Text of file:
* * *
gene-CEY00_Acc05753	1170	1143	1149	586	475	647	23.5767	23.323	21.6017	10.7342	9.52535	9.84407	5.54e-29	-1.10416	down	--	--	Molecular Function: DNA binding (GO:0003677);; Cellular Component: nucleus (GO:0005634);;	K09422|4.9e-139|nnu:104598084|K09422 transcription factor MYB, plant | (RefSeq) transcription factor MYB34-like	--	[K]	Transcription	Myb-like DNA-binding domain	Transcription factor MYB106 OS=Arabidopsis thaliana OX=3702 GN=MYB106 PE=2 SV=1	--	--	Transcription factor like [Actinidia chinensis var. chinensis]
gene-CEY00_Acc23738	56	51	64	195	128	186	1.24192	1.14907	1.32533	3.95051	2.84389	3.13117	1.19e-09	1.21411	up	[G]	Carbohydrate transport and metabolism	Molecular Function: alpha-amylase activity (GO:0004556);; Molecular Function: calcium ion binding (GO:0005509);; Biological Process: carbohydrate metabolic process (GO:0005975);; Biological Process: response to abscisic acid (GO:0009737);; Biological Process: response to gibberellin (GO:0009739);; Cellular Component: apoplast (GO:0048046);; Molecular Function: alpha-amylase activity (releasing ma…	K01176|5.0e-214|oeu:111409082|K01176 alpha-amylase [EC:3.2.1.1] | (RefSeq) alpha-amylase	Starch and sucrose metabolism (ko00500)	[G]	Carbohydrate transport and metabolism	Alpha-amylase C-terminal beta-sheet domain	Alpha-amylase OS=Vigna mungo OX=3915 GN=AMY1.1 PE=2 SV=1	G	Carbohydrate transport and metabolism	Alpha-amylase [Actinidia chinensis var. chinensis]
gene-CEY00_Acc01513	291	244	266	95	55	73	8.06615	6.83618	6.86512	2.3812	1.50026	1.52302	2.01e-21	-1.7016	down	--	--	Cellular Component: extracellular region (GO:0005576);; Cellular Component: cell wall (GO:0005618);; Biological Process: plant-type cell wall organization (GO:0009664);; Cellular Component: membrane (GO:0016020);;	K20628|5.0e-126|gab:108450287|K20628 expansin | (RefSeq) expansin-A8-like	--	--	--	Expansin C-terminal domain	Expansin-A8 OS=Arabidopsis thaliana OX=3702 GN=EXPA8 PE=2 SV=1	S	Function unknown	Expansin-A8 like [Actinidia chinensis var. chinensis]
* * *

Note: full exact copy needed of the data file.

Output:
gene-CEY00_Acc05753	1170	1143	1149	586	475	647	23.5767	23.323	21.6017	10.7342	9.52535	9.84407	5.54e-29	-1.10416	down	--	--	Molecular Function: DNA binding (GO:0003677);; Cellular Component: nucleus (GO:0005634);;	K09422|4.9e-139|nnu:104598084|K09422 transcription factor MYB, plant | (RefSeq) transcription factor MYB34-like	--	[K]	Transcription	Myb-like DNA-binding domain	Transcription factor MYB106 OS=Arabidopsis thaliana OX=3702 GN=MYB106 PE=2 SV=1	--	--	Transcription factor like [Actinidia chinensis var. chinensis]
gene-CEY00_Acc23738	56	51	64	195	128	186	1.24192	1.14907	1.32533	3.95051	2.84389	3.13117	1.19e-09	1.21411	up	[G]	Carbohydrate transport and metabolism	Molecular Function: alpha-amylase activity (GO:0004556);; Molecular Function: calcium ion binding (GO:0005509);; Biological Process: carbohydrate metabolic process (GO:0005975);; Biological Process: response to abscisic acid (GO:0009737);; Biological Process: response to gibberellin (GO:0009739);; Cellular Component: apoplast (GO:0048046);; Molecular Function: alpha-amylase activity (releasing ma…	K01176|5.0e-214|oeu:111409082|K01176 alpha-amylase [EC:3.2.1.1] | (RefSeq) alpha-amylase	Starch and sucrose metabolism (ko00500)	[G]	Carbohydrate transport and metabolism	Alpha-amylase C-terminal beta-sheet domain	Alpha-amylase OS=Vigna mungo OX=3915 GN=AMY1.1 PE=2 SV=1	G	Carbohydrate transport and metabolism	Alpha-amylase [Actinidia chinensis var. chinensis]
gene-CEY00_Acc01513	291	244	266	95	55	73	8.06615	6.83618	6.86512	2.3812	1.50026	1.52302	2.01e-21	-1.7016	down	--	--	Cellular Component: extracellular region (GO:0005576);; Cellular Component: cell wall (GO:0005618);; Biological Process: plant-type cell wall organization (GO:0009664);; Cellular Component: membrane (GO:0016020);;	K20628|5.0e-126|gab:108450287|K20628 expansin | (RefSeq) expansin-A8-like	--	--	--	Expansin C-terminal domain	Expansin-A8 OS=Arabidopsis thaliana OX=3702 GN=EXPA8 PE=2 SV=1	S	Function unknown	Expansin-A8 like [Actinidia chinensis var. chinensis]